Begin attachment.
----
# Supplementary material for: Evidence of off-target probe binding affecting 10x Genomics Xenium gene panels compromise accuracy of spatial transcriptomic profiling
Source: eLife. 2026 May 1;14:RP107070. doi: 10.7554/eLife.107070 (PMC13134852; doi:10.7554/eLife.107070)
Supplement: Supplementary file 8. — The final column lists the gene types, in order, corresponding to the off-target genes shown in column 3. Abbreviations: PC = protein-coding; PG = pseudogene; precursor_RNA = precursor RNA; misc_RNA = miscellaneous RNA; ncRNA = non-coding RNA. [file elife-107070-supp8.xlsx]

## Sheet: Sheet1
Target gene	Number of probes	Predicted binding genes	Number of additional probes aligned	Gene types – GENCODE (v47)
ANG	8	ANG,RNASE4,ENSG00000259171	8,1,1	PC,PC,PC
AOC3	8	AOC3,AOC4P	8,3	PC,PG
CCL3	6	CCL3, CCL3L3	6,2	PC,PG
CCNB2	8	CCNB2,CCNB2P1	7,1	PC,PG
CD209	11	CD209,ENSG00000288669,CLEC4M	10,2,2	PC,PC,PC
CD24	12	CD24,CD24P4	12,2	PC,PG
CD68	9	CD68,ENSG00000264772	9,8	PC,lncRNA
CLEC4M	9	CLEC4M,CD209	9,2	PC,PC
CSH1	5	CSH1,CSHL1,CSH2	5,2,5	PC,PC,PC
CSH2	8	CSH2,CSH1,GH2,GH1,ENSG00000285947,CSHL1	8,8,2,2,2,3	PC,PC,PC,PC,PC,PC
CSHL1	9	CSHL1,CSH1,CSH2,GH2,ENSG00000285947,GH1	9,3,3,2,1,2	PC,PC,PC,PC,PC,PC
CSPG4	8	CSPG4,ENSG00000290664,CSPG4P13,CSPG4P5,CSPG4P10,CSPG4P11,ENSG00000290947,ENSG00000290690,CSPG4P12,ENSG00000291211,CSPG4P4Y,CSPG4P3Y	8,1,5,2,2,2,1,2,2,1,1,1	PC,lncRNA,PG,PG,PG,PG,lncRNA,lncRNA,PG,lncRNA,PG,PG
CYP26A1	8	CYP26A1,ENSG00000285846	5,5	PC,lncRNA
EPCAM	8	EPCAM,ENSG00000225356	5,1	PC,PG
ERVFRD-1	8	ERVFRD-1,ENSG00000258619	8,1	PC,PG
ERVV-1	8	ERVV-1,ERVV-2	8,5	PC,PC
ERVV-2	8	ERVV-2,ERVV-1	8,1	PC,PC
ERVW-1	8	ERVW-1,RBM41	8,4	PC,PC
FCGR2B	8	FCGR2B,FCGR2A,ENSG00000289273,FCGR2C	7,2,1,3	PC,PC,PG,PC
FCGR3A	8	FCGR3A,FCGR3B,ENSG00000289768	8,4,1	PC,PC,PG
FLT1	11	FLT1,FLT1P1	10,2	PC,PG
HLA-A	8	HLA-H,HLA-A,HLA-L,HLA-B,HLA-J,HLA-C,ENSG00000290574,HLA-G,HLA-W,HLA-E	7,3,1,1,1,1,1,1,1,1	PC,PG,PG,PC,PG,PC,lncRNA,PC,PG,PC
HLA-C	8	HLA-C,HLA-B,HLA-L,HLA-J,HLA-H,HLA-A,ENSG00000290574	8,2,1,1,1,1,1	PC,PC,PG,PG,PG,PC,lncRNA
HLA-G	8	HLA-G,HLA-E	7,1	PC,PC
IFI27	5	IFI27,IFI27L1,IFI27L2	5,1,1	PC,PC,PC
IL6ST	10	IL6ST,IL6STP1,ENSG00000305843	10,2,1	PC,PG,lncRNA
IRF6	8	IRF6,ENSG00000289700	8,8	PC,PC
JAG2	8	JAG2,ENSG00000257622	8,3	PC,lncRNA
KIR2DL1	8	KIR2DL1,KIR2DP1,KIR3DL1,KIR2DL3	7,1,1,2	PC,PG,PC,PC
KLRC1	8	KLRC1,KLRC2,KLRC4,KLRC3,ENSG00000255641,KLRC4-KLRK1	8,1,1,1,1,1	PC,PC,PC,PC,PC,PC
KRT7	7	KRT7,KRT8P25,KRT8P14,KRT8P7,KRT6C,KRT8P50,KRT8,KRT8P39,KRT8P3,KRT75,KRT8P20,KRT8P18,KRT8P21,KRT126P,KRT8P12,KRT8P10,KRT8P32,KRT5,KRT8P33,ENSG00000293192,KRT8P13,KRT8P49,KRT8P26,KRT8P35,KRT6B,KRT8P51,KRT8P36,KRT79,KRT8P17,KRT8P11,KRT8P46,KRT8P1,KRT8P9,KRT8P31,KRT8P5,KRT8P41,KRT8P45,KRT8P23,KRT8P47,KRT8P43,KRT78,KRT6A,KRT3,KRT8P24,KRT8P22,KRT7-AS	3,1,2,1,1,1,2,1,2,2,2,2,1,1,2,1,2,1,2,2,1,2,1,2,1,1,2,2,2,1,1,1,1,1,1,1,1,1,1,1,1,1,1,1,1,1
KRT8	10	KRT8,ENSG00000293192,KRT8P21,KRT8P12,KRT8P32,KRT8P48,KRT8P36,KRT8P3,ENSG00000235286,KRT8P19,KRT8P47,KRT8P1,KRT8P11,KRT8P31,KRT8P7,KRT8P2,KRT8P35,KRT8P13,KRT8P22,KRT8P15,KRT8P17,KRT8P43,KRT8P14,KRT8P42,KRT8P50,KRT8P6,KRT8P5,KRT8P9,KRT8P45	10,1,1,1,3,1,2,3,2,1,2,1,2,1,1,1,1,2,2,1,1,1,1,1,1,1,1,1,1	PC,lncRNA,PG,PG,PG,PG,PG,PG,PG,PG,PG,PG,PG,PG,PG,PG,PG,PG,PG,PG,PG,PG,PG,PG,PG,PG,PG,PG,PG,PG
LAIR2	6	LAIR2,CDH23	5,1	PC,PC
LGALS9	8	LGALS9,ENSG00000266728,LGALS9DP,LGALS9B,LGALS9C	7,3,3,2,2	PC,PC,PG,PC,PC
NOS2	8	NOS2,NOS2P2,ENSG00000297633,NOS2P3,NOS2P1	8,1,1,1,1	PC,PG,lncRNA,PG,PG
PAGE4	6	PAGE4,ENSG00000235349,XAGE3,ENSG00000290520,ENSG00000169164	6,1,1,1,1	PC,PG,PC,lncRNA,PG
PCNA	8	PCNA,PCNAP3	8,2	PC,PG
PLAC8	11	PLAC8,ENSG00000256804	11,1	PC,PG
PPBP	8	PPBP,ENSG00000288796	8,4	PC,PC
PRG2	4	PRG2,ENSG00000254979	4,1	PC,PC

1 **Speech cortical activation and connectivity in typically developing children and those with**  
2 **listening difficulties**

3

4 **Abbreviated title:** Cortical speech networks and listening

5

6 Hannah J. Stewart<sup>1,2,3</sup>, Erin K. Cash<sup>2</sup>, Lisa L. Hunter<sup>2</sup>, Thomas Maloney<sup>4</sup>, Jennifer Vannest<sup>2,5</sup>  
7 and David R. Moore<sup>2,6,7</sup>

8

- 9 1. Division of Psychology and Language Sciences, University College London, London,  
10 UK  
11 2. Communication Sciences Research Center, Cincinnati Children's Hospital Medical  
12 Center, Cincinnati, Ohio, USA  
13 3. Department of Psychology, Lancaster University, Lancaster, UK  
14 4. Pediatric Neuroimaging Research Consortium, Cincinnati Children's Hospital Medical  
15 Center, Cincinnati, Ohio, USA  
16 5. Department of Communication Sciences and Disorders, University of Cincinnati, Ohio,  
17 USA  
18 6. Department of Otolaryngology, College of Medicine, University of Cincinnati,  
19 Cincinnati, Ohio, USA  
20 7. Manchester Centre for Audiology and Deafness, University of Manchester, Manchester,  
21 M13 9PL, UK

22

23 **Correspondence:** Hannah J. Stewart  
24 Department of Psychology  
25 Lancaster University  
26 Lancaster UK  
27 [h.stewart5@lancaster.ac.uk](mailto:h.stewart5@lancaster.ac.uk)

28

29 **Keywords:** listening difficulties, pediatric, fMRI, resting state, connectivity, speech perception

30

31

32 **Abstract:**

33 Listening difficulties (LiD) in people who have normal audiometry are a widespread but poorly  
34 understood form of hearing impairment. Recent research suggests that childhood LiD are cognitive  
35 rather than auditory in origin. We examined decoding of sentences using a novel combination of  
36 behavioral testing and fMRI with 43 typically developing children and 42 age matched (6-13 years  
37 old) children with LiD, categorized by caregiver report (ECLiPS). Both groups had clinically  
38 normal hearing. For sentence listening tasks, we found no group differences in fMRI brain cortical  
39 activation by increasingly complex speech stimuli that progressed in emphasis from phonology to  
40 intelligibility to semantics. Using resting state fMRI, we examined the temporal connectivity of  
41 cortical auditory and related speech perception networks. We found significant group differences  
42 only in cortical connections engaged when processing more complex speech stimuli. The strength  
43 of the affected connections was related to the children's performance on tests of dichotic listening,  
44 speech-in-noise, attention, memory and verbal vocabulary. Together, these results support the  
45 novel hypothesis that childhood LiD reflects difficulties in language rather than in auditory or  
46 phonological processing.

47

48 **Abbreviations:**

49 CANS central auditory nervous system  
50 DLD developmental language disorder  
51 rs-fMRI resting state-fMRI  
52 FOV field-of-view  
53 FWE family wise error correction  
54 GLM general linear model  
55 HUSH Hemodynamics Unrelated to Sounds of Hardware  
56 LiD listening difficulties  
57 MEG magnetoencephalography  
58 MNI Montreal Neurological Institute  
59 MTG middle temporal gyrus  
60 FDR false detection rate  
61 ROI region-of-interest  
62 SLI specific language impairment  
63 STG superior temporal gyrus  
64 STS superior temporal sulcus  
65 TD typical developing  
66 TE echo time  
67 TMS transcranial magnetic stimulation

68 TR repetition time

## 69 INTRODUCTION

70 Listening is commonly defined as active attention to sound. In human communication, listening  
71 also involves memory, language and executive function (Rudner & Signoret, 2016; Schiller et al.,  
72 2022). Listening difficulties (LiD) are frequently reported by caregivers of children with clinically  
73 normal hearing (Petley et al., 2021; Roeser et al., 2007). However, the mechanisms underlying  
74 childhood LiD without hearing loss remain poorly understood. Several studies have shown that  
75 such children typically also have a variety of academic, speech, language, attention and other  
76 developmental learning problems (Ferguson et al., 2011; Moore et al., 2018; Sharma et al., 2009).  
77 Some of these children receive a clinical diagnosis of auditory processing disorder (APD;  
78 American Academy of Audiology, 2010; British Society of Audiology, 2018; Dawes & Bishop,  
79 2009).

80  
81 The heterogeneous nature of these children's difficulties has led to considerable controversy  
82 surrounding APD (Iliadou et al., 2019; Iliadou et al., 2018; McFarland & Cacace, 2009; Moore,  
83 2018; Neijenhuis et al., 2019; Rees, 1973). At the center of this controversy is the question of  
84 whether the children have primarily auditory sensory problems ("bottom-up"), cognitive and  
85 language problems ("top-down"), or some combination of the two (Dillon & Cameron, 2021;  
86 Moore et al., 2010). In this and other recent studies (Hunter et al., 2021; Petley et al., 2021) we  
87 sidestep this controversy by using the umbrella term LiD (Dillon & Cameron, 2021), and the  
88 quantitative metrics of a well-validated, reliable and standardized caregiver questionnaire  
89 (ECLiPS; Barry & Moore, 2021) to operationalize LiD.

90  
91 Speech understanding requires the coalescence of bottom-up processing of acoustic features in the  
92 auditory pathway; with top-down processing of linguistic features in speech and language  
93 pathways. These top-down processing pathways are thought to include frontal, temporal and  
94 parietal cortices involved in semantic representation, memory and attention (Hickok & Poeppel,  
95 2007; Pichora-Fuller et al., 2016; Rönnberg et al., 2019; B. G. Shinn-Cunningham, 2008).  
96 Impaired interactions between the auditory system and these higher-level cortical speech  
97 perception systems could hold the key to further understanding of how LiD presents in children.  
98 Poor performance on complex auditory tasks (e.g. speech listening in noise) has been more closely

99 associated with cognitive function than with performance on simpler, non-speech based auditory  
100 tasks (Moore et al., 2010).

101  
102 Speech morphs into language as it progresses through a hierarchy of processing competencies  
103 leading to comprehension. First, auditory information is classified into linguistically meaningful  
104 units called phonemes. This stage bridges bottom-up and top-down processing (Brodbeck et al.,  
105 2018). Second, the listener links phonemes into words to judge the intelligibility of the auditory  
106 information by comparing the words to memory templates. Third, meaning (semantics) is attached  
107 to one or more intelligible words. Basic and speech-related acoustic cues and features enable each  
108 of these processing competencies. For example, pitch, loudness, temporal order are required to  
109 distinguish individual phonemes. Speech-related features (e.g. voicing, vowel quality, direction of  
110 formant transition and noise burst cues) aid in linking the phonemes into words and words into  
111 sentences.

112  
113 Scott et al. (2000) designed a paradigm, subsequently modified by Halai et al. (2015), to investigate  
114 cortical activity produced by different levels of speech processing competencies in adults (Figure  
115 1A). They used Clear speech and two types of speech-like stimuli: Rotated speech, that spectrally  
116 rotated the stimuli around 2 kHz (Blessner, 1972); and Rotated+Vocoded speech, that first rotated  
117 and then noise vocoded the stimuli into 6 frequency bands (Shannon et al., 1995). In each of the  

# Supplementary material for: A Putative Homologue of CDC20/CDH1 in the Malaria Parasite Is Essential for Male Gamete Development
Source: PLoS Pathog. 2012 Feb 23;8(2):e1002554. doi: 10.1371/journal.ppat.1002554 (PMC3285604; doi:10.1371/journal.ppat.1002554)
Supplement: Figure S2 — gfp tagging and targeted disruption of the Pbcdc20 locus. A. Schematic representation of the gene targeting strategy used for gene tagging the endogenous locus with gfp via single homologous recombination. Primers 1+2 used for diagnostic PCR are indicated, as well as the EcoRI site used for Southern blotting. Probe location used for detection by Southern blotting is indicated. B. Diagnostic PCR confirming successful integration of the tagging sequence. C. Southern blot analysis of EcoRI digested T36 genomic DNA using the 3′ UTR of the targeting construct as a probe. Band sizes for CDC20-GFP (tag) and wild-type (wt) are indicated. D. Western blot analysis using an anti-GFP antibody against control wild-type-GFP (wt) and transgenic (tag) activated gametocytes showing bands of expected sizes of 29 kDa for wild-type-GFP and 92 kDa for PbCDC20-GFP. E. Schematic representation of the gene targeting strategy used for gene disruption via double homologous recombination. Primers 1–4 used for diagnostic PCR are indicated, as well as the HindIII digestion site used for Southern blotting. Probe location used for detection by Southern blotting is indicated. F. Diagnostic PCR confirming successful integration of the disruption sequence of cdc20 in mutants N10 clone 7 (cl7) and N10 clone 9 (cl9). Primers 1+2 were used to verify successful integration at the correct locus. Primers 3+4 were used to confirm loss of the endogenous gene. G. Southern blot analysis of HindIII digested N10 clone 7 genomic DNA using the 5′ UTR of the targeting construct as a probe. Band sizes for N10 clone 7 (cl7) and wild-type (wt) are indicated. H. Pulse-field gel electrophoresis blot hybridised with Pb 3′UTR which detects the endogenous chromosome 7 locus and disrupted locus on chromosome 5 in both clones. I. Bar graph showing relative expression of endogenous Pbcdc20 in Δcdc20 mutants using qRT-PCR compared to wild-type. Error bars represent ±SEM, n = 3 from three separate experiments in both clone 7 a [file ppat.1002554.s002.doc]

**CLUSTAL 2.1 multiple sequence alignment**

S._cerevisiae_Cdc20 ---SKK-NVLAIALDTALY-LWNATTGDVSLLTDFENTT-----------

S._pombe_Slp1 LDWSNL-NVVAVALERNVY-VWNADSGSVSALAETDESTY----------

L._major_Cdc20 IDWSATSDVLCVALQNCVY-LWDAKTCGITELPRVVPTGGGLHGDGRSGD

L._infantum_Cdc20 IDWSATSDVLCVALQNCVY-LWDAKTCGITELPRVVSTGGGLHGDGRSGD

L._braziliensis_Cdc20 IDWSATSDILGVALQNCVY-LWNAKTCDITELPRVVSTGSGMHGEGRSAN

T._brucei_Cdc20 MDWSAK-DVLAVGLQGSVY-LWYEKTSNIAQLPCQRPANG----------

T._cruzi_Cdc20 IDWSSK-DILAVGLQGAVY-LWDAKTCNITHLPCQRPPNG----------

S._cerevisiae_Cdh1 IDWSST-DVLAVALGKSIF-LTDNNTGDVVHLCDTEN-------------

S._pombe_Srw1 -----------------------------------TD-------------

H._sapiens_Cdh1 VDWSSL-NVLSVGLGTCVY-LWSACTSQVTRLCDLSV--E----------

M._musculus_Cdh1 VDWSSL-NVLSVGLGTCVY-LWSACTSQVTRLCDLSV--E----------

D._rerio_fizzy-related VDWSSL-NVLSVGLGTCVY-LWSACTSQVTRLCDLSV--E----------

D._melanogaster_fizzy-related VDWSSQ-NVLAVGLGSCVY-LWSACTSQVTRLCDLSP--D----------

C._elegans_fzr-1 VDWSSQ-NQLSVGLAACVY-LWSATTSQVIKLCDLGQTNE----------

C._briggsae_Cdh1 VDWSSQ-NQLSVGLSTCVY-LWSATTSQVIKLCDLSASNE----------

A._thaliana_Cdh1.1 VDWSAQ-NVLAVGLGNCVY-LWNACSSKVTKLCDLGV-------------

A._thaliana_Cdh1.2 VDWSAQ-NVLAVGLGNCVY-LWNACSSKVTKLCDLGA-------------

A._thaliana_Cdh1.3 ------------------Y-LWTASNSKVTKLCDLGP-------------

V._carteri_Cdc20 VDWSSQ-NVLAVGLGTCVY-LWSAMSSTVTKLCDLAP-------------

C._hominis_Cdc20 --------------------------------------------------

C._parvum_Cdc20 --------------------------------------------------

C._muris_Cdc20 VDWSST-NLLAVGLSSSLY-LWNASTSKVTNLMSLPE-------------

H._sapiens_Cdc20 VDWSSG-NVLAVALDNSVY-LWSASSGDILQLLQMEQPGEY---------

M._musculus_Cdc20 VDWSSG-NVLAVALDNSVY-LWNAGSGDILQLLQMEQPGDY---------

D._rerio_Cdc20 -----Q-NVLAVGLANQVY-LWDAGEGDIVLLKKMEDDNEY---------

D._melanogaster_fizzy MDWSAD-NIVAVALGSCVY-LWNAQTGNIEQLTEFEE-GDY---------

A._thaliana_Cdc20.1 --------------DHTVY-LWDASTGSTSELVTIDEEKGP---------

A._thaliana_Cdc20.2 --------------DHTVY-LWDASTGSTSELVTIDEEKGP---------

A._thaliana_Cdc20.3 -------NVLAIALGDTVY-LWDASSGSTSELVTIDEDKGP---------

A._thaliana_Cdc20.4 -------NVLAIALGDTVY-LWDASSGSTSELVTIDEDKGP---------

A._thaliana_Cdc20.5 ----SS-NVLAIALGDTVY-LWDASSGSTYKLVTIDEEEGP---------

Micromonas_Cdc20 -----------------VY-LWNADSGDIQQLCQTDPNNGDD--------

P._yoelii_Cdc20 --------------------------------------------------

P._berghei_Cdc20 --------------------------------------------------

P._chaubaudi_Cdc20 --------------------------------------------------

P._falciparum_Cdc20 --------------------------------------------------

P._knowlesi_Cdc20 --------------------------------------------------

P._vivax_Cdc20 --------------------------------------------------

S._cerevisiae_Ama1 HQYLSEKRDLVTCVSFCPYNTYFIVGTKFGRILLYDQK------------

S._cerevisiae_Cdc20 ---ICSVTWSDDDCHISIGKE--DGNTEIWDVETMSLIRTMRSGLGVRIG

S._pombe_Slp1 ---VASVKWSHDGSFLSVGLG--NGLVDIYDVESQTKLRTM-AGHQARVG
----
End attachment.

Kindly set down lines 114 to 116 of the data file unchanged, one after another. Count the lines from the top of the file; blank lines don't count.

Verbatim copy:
## 69 INTRODUCTION

70 Listening is commonly defined as active attention to sound. In human communication, listening  
71 also involves memory, language and executive function (Rudner & Signoret, 2016; Schiller et al.,  